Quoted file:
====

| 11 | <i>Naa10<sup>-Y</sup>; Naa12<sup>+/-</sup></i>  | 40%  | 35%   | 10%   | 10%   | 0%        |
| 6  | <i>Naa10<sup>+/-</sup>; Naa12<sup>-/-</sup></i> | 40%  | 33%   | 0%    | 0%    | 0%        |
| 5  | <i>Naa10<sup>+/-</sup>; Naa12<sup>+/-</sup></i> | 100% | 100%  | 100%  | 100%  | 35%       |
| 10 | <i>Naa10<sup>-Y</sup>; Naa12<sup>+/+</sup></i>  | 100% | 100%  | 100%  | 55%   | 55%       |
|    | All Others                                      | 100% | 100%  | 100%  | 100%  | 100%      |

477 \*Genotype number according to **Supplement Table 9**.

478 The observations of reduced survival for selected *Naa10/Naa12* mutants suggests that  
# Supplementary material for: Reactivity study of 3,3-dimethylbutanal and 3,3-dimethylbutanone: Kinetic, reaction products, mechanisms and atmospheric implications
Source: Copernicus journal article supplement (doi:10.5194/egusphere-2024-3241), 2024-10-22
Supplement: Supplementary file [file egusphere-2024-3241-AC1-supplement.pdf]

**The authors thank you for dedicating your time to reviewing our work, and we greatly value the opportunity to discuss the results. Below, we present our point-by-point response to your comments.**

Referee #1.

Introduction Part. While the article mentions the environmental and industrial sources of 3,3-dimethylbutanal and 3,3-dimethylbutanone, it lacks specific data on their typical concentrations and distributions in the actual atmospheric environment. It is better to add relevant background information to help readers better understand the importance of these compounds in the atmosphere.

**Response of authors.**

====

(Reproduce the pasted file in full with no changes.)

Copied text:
| 11 | <i>Naa10<sup>-Y</sup>; Naa12<sup>+/-</sup></i>  | 40%  | 35%   | 10%   | 10%   | 0%        |
| 6  | <i>Naa10<sup>+/-</sup>; Naa12<sup>-/-</sup></i> | 40%  | 33%   | 0%    | 0%    | 0%        |
| 5  | <i>Naa10<sup>+/-</sup>; Naa12<sup>+/-</sup></i> | 100% | 100%  | 100%  | 100%  | 35%       |
| 10 | <i>Naa10<sup>-Y</sup>; Naa12<sup>+/+</sup></i>  | 100% | 100%  | 100%  | 55%   | 55%       |
|    | All Others                                      | 100% | 100%  | 100%  | 100%  | 100%      |

477 \*Genotype number according to **Supplement Table 9**.

478 The observations of reduced survival for selected *Naa10/Naa12* mutants suggests that  
# Supplementary material for: Reactivity study of 3,3-dimethylbutanal and 3,3-dimethylbutanone: Kinetic, reaction products, mechanisms and atmospheric implications
Source: Copernicus journal article supplement (doi:10.5194/egusphere-2024-3241), 2024-10-22
Supplement: Supplementary file [file egusphere-2024-3241-AC1-supplement.pdf]

**The authors thank you for dedicating your time to reviewing our work, and we greatly value the opportunity to discuss the results. Below, we present our point-by-point response to your comments.**

Referee #1.

Introduction Part. While the article mentions the environmental and industrial sources of 3,3-dimethylbutanal and 3,3-dimethylbutanone, it lacks specific data on their typical concentrations and distributions in the actual atmospheric environment. It is better to add relevant background information to help readers better understand the importance of these compounds in the atmosphere.

**Response of authors.**